My church belongs to this entity called FOCUS, which, among other things, runs a food pantry. Periodically, there is a joint service of the congregations. Usually, I miss the one in early February, because I’m away at a MidWinter’s party Saturday night out of town. But the Wife had an all-day meeting on Saturday, and that rather put the kibosh on that. It was a good service, but it was LONG: at least 100 minutes.
Then the reception afterwards. The service was at Trinity United Methodist, my church from 1982 to 2000, so it was interesting being there again. I could tell the visitors where the bathrooms were – they hadn’t moved. I recognized no one from when I was in choir there.
The Daughter had a rehearsal all afternoon at our church for the Lion King performance in four weeks. I slipped off to the library to use the computer, where I saw fellow Times Union blogger Chuck Miller working on this piece.
It was there that I first learned on Facebook that the actor, and former upstate (Rochester area) kid, Philip Seymour Hoffman was found dead, news which I passed along. Interesting that the first comment I got was “If it is true, it’s sad.” So much misinformation IS online, but I had checked four sources before passing it along.
I have seen LOTS of his films. I didn’t always love the movie, but always appreciate his efforts, and I was bummed. I thought he was one of the best actors of his generation, and at the age of 46, should have had a number of better pictures ahead. I so regret that his demons had gotten the best of him. The LA Times helpfully noted that he was found dead in his apartment with a needle in his arm.
I saw him in all of these movies:
Leap of Faith (1992)
Scent of a Woman (1992)
Nobody’s Fool (1994) – a small role as a cop
Boogie Nights (1997)
Next Stop Wonderland (1998)
Patch Adams (1998)
The Talented Mr. Ripley (1999)
State and Main (2000)
Almost Famous (2000) – I bought him as Lester Bangs
Punch-Drunk Love (2002)
Capote (2005) – great as the title character
The Savages (2007) – possibly my favorite of his films, as Laura Linney’s sibling
Charlie Wilson’s War (2007) – that film got better the moment he was on screen
Synecdoche, New York (2008) – an unorthodox film about the arts in upstate NY described well here. Watch the funeral monologue.
Doubt (2008) – believable as a priest
Moneyball (2011) – convincing as Art Howe of the Oakland A’s
Plus a role on Law & Order in 1991 that I certainly must have seen, and a voice character on the children’s cartoon Arthur, which I KNOW I saw. The New York Times had a GREAT article about him, and CNN has a recent brief interview with him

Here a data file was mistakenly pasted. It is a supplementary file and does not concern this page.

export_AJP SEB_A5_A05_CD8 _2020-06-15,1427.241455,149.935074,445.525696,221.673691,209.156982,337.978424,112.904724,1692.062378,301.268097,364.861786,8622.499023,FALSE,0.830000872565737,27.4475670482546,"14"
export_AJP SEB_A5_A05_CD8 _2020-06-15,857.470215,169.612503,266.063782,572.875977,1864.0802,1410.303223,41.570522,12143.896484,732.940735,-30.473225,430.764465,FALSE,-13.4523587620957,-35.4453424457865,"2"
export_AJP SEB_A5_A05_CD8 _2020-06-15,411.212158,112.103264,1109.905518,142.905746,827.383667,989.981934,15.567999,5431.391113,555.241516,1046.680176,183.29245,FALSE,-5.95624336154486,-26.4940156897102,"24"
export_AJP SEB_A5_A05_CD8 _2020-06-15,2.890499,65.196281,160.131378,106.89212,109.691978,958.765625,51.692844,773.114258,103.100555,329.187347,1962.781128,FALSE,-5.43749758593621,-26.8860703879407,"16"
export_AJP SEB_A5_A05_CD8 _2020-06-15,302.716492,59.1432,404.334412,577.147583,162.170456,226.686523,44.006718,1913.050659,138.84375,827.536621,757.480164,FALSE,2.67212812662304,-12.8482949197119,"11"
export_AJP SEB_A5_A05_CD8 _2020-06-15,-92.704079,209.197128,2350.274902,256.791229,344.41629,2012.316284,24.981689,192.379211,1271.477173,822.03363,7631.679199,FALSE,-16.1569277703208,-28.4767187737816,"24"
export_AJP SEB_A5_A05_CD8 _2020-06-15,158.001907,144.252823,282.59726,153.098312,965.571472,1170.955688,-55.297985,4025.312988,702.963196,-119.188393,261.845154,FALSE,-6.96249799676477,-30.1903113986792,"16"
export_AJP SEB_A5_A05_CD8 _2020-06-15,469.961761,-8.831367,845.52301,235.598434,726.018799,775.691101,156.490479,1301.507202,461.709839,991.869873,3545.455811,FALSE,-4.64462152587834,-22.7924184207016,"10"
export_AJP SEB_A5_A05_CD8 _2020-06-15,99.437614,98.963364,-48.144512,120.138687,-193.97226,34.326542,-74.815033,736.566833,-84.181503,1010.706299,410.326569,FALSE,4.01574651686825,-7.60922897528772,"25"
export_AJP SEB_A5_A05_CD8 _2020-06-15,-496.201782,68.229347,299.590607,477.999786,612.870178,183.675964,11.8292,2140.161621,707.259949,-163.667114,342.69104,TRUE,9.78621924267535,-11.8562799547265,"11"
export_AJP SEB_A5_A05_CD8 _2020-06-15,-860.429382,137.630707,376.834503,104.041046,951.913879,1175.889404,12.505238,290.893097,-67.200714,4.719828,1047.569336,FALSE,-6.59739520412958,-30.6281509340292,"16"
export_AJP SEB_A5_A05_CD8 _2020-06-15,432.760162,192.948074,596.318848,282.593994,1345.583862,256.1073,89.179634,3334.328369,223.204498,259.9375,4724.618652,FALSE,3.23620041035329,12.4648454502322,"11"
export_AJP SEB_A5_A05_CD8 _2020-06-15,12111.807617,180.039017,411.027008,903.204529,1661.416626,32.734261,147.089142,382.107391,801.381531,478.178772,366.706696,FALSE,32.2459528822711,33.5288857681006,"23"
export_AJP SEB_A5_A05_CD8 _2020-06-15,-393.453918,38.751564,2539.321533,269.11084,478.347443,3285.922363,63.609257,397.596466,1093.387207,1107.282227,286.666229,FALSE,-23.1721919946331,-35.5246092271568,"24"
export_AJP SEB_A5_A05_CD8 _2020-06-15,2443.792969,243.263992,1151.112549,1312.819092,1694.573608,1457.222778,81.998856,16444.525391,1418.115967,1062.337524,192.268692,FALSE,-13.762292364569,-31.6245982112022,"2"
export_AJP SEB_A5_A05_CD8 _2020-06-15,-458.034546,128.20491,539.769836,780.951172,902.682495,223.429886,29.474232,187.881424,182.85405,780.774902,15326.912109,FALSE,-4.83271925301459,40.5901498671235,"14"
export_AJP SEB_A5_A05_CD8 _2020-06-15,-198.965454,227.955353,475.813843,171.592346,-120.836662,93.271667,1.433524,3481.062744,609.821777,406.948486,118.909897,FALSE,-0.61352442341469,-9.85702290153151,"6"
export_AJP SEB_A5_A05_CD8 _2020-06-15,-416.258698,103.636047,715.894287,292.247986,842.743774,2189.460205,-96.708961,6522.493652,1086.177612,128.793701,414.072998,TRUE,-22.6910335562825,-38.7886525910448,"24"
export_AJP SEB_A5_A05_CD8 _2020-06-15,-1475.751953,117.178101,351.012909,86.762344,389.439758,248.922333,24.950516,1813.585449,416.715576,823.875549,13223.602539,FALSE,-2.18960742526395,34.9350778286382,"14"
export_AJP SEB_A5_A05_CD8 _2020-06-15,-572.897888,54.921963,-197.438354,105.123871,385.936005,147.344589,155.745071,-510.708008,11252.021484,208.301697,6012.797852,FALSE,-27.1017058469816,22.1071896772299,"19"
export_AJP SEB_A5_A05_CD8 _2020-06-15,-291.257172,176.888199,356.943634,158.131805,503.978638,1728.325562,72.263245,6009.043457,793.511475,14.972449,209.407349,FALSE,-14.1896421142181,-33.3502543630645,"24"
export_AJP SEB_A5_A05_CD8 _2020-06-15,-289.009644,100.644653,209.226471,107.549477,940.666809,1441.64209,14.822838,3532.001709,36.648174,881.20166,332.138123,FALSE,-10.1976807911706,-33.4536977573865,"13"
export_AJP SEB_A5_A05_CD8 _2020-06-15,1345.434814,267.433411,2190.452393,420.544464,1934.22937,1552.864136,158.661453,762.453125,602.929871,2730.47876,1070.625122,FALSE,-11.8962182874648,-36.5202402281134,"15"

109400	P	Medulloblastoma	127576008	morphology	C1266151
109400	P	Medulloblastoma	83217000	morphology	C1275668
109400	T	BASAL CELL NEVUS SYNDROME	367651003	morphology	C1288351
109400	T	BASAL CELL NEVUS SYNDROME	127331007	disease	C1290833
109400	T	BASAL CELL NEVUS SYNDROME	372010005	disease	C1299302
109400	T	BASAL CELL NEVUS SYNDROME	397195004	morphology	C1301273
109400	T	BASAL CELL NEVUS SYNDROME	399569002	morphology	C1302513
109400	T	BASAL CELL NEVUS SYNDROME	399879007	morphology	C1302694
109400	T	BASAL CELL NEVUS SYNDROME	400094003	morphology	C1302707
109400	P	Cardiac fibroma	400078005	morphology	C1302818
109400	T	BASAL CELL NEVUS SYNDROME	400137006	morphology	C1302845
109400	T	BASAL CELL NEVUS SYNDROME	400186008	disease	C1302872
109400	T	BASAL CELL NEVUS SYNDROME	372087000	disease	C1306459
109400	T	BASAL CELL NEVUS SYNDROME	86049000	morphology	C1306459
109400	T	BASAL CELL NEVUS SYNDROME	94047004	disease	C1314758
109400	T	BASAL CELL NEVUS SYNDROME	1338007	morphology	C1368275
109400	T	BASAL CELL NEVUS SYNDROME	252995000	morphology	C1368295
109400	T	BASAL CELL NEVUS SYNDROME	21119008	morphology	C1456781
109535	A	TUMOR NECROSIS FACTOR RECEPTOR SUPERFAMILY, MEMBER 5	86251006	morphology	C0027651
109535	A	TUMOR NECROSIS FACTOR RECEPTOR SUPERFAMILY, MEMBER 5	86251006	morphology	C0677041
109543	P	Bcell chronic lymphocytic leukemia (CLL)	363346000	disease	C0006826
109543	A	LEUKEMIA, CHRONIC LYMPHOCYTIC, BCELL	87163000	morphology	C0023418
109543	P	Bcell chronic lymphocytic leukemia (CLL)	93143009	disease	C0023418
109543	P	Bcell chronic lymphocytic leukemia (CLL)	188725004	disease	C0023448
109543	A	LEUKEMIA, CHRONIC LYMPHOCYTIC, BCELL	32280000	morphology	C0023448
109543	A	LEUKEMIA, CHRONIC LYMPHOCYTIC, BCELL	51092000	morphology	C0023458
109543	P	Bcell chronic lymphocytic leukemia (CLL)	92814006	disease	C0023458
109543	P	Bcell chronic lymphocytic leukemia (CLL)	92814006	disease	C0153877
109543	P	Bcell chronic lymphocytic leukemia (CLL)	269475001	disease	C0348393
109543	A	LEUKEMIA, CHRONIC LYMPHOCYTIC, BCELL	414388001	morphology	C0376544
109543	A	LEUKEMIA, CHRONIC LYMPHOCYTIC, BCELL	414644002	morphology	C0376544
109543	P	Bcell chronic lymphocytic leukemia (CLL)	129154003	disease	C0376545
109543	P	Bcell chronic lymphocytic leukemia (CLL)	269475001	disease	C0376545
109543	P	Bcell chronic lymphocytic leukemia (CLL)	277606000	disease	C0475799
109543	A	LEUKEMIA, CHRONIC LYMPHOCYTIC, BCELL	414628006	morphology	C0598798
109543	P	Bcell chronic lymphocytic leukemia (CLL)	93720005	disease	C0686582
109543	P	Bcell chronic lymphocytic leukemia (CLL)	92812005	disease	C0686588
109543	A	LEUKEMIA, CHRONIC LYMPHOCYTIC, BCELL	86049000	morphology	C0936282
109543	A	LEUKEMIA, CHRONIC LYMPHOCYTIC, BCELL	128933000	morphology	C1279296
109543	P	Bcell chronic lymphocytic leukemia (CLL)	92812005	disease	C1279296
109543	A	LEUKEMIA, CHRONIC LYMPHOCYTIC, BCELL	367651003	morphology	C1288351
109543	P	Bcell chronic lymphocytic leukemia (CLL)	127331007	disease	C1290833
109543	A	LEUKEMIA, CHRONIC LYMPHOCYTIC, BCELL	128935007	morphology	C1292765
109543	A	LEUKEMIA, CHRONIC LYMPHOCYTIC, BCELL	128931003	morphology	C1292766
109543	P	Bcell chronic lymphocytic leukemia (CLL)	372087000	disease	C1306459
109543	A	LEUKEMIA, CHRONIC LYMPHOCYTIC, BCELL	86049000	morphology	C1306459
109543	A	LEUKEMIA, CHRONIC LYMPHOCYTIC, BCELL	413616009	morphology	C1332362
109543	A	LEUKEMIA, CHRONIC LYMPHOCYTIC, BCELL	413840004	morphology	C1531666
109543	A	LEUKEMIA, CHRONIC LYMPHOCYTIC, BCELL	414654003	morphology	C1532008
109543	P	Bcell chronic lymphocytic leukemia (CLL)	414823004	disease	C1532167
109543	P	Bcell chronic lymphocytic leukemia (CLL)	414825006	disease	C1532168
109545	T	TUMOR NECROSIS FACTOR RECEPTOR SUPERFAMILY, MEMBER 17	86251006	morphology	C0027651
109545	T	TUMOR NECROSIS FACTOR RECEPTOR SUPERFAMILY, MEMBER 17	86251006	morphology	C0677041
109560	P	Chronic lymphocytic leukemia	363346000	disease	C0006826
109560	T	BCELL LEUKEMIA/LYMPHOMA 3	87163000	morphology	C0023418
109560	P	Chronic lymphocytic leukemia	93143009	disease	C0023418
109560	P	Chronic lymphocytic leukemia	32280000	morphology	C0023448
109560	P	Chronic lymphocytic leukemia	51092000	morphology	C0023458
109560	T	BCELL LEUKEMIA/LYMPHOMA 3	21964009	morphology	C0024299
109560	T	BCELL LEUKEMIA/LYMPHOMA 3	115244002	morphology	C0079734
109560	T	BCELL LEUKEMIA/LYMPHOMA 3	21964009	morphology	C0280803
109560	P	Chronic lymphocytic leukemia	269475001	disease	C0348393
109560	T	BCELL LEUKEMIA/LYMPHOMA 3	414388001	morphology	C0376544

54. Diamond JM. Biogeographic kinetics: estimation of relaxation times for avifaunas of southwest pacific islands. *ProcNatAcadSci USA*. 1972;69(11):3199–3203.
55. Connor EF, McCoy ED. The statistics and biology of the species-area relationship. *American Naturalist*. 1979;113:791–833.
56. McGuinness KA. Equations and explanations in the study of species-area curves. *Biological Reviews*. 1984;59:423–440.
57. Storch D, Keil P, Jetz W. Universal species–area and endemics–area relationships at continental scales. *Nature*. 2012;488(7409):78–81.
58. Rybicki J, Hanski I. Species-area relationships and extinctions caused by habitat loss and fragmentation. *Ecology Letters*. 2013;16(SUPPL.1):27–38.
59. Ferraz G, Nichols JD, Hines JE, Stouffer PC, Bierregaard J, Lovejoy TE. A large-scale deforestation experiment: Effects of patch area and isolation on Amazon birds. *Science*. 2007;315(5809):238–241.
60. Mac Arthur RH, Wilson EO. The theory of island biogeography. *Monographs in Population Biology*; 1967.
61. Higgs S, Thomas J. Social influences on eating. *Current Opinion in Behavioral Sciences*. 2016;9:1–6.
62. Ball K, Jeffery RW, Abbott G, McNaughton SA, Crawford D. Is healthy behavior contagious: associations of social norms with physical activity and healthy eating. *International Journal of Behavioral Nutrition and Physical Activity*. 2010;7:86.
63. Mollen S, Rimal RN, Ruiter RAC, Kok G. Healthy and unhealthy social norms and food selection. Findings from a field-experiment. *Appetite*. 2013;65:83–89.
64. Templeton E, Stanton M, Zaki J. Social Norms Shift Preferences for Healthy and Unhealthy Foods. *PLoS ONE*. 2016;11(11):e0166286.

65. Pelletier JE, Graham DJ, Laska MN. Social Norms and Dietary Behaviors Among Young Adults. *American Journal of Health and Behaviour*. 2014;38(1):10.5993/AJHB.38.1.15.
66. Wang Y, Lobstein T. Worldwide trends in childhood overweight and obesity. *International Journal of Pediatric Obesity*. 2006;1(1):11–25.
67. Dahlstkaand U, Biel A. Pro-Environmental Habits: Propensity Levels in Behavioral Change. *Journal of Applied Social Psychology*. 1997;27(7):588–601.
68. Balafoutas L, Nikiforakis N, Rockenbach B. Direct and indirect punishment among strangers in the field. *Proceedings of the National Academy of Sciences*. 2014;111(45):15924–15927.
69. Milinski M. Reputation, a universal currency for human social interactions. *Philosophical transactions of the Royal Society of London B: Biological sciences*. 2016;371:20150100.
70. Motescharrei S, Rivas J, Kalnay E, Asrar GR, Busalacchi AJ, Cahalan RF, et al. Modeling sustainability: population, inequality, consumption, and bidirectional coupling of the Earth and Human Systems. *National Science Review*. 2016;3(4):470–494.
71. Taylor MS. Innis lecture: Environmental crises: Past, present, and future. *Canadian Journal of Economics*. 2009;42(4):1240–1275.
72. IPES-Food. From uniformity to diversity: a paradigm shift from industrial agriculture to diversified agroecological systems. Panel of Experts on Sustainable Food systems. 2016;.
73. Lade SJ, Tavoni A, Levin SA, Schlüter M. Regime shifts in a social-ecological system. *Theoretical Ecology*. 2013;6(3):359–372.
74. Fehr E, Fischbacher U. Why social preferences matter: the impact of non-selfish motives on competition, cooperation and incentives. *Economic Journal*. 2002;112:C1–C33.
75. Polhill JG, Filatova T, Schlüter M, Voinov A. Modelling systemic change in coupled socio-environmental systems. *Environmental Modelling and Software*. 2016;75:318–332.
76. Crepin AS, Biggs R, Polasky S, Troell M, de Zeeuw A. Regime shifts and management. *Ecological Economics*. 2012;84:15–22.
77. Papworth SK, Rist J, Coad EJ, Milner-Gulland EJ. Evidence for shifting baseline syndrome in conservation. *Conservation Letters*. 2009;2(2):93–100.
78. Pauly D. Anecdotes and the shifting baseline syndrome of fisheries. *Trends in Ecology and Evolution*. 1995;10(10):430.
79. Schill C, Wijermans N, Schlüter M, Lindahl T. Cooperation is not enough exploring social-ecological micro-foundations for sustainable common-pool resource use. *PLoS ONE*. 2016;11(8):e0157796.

Know who else died this weekend? Anna Gordy Gaye, Berry Gordy’s sister and Marvin Gaye’s ex-wife, who was the subject of Marvin’s bizarre Here, My Dear album.
I get home, start watching the Super Bowl stuff right at 6 p.m. Eastern, 30 minutes before the game. But the game was a blowout by 12 seconds into the third quarter. (Those of you who do not appreciate the Big Game obviously have never heard Andy Griffith’s analysis of the sport from sixty years ago.)
Many of the ads – some of which are HERE – didn’t really stick to my brain, except the Radio Shack and one of the Doritos ads, but that could have been fatigue.
I do recall seeing Bob Dylan plugging American-made vehicles, which didn’t bother me as much as it did some folks. I love the Muppets, yet feel ambivalent at best about THEIR appearance in a car ad. There was a Masarati ad or two for which I did not understand the reason why I would want the car.
I’d already seen the Budweiser Heroes ad and the Cheerios Gracie ad. I shouldn’t have been, but I was, oblivious to the backlash the Coca-Cola America the Beautiful ad would generate.
Right after linebacker Malcolm Smith was selected as game MVP, I fell asleep, waking up in the middle of a comedy called Brooklyn Nine-Nine, so it was time for bed.
2 thoughts on “A long Super Bowl Sunday, Philip Seymour Hoffman edition”
I think there were a lot of people who were saddened by Philip Seymour Hoffman’s death. It seems such a waste and he had so much talent.
I meant to add that I don’t know why we are so obsessed with knowing all the gruesome details. I suppose if his death is the spark to light a fire that helps some one get clean that is a good thing. Still, even when some one is not famous we seem to want to know “how they died” We remember their death more than their life